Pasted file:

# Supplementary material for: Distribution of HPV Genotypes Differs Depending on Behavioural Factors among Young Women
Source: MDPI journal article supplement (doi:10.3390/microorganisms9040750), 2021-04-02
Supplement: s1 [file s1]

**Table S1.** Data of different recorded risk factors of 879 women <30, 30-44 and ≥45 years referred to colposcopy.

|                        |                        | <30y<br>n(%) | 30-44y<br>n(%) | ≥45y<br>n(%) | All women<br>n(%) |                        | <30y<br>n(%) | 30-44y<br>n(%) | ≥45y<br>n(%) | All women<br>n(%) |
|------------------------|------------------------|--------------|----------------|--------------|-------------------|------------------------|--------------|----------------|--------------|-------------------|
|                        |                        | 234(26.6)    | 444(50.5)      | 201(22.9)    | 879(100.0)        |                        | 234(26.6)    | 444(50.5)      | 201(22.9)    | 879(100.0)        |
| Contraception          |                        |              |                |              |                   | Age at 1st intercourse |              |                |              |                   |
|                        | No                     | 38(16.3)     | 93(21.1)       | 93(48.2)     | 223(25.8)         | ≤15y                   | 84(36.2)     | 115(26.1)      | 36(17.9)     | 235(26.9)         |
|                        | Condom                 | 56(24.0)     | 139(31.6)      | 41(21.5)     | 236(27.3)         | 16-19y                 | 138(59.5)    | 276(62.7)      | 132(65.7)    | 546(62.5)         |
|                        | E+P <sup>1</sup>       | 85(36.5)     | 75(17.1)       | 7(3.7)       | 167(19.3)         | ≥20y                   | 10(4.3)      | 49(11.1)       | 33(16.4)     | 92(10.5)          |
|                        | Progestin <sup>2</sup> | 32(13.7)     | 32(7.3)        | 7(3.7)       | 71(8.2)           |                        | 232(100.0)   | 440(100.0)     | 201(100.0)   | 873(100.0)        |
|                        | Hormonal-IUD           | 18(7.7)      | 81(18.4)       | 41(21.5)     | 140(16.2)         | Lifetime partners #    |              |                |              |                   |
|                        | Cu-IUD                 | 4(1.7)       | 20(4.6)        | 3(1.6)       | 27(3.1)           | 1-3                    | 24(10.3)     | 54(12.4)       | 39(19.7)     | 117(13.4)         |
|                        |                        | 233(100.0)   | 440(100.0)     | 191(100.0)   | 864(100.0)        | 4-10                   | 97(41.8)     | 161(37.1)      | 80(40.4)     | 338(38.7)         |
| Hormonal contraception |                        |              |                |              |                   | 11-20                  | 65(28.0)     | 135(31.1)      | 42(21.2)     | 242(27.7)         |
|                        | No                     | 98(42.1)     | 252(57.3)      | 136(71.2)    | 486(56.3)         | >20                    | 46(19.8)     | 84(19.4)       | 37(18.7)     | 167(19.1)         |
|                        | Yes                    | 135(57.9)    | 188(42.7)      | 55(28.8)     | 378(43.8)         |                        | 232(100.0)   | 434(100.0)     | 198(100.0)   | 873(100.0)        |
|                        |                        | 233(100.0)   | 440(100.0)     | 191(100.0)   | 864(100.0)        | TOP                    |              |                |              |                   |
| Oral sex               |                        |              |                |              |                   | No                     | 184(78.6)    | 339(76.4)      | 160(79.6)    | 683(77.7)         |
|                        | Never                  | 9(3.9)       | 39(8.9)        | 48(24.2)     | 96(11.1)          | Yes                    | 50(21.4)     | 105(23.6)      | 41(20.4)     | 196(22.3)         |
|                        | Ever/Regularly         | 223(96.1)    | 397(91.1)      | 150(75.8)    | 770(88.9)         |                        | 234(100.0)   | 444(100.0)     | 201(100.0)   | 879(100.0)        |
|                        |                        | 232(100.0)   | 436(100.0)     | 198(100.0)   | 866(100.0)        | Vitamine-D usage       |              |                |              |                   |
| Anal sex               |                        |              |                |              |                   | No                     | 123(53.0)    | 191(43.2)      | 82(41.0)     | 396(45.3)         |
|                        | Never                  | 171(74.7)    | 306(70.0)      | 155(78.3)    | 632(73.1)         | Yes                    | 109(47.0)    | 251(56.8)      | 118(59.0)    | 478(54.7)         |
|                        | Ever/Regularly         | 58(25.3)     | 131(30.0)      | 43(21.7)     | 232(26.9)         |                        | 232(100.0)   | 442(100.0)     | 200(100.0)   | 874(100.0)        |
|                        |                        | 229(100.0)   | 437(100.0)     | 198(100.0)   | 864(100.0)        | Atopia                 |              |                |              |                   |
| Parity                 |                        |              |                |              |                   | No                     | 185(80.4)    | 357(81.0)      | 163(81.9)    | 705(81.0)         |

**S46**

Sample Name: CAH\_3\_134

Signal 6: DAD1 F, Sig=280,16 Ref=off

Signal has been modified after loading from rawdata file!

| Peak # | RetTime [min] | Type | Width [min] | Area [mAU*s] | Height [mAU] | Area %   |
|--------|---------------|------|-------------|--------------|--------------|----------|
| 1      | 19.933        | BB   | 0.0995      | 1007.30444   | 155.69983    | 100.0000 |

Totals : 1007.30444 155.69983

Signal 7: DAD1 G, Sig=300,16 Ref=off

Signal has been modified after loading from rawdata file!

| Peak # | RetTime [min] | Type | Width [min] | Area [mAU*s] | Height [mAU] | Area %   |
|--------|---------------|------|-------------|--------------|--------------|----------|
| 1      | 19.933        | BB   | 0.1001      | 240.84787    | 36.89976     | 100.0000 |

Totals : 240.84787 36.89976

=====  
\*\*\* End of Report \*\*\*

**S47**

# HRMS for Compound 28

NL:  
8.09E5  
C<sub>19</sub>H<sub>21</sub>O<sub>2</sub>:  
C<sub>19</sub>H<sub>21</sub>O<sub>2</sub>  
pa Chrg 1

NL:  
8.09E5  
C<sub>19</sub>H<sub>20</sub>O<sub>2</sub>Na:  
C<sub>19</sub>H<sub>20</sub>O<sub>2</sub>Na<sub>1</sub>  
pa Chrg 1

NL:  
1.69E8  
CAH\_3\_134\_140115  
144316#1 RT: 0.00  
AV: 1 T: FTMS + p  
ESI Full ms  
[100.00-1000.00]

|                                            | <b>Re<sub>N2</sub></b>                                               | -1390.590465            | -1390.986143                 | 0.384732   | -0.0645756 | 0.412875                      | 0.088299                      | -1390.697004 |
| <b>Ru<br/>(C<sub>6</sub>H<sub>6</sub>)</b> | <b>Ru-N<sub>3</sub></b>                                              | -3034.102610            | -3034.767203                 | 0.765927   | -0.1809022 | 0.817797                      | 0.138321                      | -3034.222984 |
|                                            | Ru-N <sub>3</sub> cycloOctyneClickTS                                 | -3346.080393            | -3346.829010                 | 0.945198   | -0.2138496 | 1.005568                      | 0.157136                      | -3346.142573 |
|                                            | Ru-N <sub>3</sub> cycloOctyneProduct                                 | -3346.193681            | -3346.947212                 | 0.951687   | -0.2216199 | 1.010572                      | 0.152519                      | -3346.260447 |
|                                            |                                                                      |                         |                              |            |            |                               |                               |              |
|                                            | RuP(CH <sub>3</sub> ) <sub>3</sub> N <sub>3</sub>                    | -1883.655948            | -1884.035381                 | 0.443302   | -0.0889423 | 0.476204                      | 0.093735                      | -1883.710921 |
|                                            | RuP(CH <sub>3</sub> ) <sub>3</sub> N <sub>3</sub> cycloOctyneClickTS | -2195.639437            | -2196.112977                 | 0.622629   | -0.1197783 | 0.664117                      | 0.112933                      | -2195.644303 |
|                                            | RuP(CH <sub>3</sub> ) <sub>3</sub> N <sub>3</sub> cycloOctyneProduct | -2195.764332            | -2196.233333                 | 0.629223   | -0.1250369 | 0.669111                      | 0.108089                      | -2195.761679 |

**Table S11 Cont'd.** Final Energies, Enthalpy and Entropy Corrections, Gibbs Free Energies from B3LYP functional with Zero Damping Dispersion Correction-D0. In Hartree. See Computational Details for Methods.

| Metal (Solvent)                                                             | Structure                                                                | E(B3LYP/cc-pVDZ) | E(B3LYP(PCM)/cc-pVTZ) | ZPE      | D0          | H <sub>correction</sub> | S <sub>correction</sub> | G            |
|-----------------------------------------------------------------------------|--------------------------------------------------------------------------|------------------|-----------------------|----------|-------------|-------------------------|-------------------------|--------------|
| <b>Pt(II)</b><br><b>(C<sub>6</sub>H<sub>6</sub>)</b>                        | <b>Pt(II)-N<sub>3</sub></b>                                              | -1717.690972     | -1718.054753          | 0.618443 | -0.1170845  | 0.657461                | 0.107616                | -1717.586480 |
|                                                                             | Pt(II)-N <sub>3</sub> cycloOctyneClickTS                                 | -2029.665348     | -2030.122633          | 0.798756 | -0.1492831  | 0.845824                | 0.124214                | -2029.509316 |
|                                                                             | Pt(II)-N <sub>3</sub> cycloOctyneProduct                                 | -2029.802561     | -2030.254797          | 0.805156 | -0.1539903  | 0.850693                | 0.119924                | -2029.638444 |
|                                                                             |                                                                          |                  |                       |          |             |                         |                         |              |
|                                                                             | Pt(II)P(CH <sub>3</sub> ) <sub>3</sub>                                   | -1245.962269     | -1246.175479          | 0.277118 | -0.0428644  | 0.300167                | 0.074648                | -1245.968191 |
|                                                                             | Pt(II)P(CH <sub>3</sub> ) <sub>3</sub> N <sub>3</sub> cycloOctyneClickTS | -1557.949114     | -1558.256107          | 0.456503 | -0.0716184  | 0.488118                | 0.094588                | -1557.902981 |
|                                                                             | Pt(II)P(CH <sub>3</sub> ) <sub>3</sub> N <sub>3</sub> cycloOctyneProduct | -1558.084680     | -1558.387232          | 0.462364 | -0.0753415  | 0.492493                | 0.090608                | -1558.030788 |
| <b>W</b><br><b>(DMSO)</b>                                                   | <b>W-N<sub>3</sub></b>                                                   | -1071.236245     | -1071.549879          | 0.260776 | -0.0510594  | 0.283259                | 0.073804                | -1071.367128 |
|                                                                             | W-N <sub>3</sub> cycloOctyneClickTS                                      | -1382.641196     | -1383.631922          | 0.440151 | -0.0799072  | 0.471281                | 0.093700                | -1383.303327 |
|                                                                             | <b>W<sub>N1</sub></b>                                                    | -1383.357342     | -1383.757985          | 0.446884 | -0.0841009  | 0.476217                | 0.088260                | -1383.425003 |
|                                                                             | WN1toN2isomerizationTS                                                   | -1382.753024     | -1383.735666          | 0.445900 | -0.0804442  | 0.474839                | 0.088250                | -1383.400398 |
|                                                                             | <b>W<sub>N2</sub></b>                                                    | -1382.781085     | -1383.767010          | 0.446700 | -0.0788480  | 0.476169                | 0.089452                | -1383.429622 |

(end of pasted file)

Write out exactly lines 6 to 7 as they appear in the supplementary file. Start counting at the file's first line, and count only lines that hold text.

|------------------------|------------------------|--------------|----------------|--------------|-------------------|------------------------|--------------|----------------|--------------|-------------------|
|                        |                        | 234(26.6)    | 444(50.5)      | 201(22.9)    | 879(100.0)        |                        | 234(26.6)    | 444(50.5)      | 201(22.9)    | 879(100.0)        |